The Glass Palace is a case in point. The novel sprawls across more than a century of Burma’s history, from the British invasion of northern Burma in 1885 until 1999. The story opens in the Mandalay neighborhood surrounding the residence and seat of government of Burma’s last king, Thebaw Min. In the palatial surroundings of his palace, Thebaw awaits the arrival of British troops who have moved up from the south to incorporate the kingdom as a whole in their empire. With little ceremony, he, his ruthless queen, and their daughters are hustled down the Irawaddy to Rangoon. Then they are bundled onto a ship and sent to a small town on India’s west coast. There, Thebaw lived out his days in exile.

The central characters are Rajkumar Raha and Dolly, a handmaid to the Second Princess. She is ten years old as the novel opens. Dolly is “a timid, undemonstrative child with enormous eyes and a dancer’s pliable body and supple limbs.” Rajkumar, who is just one year older, is a poverty-stricken orphan stranded in Mandalay by the captain of the ship he had crewed. When the two are briefly thrown together in the chaos surrounding the British invasion, Rajkumar instantly falls in love with Dolly. He remains smitten for many years until they meet again near the residence of the exiled king in India.

Though the focus in The Glass Palace is the history of Burma, the conflict at the core of the tale is the three-way tension between the Burmese, the British, and the Indian businessmen such as Rajkumar became as an adult. It’s essential to the story to note that two-thirds of the troops in the British invasion force were Indian as well, a great many of them Sikhs from the Punjab. The story leaps from 1885 to 1905 to 1914 to 1941 to the 1960s, 70s, 80s, and 90s, through four generations of the descendants of Rajkumar, Dolly, and their close friends. The key chapters devoted to the Second World War in Burma and Malaya are especially affecting. If, like me, you had no prior knowledge of Burma’s history, you’re sure to get a vivid picture of the events that most deeply shaped its evolution before the 21st century.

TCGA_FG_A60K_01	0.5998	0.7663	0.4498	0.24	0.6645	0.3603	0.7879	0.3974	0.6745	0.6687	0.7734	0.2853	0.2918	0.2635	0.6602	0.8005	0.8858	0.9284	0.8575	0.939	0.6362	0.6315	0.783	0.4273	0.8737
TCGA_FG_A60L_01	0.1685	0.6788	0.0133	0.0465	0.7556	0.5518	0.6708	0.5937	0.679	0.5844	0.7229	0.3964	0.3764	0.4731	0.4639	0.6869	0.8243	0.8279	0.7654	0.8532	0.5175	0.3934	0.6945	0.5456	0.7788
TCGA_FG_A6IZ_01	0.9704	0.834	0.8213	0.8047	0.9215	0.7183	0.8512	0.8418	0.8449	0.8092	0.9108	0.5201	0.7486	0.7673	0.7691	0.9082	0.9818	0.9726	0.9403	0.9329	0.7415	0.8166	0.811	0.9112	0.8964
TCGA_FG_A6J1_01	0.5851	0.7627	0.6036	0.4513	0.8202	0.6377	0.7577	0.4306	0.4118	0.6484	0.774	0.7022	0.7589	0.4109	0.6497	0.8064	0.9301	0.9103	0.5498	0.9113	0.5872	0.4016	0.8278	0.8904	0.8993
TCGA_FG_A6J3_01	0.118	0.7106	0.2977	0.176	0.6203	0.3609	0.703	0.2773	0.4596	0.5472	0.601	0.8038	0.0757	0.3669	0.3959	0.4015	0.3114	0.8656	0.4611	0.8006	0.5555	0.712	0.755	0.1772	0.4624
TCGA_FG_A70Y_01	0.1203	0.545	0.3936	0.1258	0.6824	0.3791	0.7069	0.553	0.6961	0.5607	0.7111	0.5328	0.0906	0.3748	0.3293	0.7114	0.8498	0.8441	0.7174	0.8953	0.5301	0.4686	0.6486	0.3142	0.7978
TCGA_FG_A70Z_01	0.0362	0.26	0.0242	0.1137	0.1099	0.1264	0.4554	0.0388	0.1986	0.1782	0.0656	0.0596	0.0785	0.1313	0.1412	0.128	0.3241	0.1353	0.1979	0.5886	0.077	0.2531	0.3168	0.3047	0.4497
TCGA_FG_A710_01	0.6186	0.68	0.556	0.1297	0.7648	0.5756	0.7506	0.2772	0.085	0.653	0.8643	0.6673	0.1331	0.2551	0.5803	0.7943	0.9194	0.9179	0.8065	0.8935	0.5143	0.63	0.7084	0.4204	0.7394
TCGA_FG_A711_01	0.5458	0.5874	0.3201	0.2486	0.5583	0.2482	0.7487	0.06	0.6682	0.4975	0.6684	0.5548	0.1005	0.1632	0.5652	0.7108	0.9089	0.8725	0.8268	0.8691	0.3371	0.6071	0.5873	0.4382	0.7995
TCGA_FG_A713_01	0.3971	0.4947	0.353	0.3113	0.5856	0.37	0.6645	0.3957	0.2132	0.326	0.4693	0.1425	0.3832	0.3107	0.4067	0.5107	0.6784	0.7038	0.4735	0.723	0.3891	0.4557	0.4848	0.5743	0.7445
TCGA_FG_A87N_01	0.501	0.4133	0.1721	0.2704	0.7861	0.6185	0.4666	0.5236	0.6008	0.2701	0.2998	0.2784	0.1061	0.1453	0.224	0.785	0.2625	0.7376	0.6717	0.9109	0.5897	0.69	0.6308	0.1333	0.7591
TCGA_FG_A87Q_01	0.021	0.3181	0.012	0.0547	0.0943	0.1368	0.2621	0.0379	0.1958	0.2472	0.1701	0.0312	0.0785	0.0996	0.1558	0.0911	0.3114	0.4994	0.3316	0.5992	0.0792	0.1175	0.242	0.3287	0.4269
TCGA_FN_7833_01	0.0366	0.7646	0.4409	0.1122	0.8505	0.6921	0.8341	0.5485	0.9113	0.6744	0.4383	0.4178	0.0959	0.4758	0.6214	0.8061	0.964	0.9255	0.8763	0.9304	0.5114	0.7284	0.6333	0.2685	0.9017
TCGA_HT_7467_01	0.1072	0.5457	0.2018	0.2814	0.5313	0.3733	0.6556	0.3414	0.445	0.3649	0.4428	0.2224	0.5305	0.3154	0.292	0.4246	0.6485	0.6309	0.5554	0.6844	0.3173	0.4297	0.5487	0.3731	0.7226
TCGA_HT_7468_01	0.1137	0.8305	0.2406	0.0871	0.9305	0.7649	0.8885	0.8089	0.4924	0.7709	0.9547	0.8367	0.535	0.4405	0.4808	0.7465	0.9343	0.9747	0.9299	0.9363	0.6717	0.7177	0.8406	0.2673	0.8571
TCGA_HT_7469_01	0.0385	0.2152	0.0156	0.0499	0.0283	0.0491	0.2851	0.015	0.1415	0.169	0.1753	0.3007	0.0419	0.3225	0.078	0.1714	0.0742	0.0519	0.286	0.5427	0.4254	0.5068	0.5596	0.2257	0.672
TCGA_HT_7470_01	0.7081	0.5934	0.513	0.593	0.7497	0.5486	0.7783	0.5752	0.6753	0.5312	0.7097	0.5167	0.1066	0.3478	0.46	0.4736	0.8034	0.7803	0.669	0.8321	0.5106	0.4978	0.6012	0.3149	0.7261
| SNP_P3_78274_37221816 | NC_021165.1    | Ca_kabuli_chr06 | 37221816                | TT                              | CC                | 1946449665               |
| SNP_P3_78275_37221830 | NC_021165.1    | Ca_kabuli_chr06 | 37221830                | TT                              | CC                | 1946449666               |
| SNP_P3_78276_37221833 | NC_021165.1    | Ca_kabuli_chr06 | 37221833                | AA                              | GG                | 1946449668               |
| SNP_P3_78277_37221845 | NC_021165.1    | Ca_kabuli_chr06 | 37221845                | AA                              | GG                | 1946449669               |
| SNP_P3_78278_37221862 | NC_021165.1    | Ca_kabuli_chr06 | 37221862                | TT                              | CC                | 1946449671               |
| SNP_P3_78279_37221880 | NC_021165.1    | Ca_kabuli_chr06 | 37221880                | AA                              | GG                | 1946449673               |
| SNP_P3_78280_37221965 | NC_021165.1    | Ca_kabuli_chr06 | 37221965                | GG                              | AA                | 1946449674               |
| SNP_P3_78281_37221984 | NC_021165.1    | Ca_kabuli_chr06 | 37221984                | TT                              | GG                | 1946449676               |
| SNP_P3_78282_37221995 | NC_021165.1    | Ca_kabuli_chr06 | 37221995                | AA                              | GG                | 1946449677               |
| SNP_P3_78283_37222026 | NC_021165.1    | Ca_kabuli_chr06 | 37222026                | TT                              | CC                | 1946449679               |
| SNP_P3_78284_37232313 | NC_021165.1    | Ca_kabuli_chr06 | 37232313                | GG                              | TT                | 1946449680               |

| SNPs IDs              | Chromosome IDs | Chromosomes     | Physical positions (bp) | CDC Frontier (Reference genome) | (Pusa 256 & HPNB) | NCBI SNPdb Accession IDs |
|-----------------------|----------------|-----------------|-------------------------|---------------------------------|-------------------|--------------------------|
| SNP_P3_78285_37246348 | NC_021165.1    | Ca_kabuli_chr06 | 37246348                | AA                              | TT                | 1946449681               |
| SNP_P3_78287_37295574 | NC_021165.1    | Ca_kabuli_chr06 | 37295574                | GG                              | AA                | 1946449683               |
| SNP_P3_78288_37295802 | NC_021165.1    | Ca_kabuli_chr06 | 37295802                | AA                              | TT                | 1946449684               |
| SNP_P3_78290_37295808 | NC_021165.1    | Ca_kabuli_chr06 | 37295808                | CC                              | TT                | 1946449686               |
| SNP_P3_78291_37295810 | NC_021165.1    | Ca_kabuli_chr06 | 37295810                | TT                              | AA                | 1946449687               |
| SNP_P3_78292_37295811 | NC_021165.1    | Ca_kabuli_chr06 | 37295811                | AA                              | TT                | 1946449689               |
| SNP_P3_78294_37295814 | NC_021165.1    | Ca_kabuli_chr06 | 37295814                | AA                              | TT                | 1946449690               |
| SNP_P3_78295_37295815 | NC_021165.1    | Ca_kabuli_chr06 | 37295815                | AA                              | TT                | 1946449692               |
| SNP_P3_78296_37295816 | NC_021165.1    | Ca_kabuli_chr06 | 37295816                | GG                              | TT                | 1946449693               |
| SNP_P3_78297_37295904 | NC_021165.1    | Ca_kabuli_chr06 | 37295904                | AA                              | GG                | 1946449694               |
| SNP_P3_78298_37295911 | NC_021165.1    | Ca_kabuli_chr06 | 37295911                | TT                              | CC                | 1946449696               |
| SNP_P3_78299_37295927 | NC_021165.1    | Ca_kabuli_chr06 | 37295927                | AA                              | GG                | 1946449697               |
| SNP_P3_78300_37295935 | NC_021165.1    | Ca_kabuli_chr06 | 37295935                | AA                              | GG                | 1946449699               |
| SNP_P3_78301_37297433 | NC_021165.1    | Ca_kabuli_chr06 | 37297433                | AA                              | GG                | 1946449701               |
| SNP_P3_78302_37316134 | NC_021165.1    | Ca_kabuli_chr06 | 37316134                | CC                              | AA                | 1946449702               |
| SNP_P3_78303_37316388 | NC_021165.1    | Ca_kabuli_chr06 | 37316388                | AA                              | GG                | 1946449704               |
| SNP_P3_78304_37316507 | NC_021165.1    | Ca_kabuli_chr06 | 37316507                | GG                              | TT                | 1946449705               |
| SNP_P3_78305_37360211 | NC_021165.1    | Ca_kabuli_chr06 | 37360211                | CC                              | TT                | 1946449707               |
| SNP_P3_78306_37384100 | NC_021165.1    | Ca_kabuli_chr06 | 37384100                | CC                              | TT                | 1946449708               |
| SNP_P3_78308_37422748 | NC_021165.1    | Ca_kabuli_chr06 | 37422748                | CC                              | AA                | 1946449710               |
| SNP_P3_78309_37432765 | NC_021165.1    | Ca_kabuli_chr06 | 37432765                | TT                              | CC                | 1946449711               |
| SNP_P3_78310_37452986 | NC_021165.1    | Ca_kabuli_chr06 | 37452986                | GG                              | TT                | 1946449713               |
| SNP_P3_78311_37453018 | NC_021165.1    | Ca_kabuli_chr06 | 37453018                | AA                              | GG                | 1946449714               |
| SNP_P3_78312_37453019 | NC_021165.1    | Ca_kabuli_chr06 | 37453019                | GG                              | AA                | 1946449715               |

In addition to the Burmese King and Queen, there are several other historical figures that enter into this story: Mahatma Gandhi; Subhas Chandra Bose, the right-wing extremist who led the Indian National Army against the British in the Second World War; General Aung San, Burma’s independence leader, who was assassinated before taking office as president; and Aung San’s daughter, Aung San Suu Kyi, who now serves as the country’s preeminent elected leader.

The Glass Palace was published in 2000. Amitav Ghosh is better known for his later Ibis Trilogy. I reviewed all three novels by this extraordinary Indian author at A superb historical novel about the opium trade by Amitav Ghosh (Sea of Poppies, 2008), A brilliant Indian novel about the first Opium War (River of Smoke, 2011), and An outstanding Indian novelist looks at the Opium War (Flood of Fire, 2015). And for a long list of other historical novels I’ve enjoyed, go to 75 readable and revealing historical novels.



August 31, 2017

Propulsive action in a tale of World War II espionage

World War II espionage

Bodyguard of Deception by Samuel Marquis

@@ (2 out of 5)

In a foreword, Samuel Marquis opens his historical novel Bodyguard of Deception with the assertion that the book “is the story of Operation Cheyenne precisely as it happened during the Second World War and has been concealed for the past seventy years by the U.S. and British governments.” This operation, which according to the author unfolded between May 24 and June 6, 1944, involved the theft by German spies of the Allies’ most closely guarded wartime secrets. (As anyone with a modicum of historical knowledge will know, those were the days leading up to the fateful Normandy landings that set the Allies on the road to the annihilation of Nazi Germany.) Marquis even cites specific recently declassified documents with lengthy filenames that have the ring of authenticity. Yet the events as he describes them in the novel stretch credulity to the breaking point: the coincidences are jaw-dropping. And they never happened. Google Operation Cheyenne. You won’t find anything.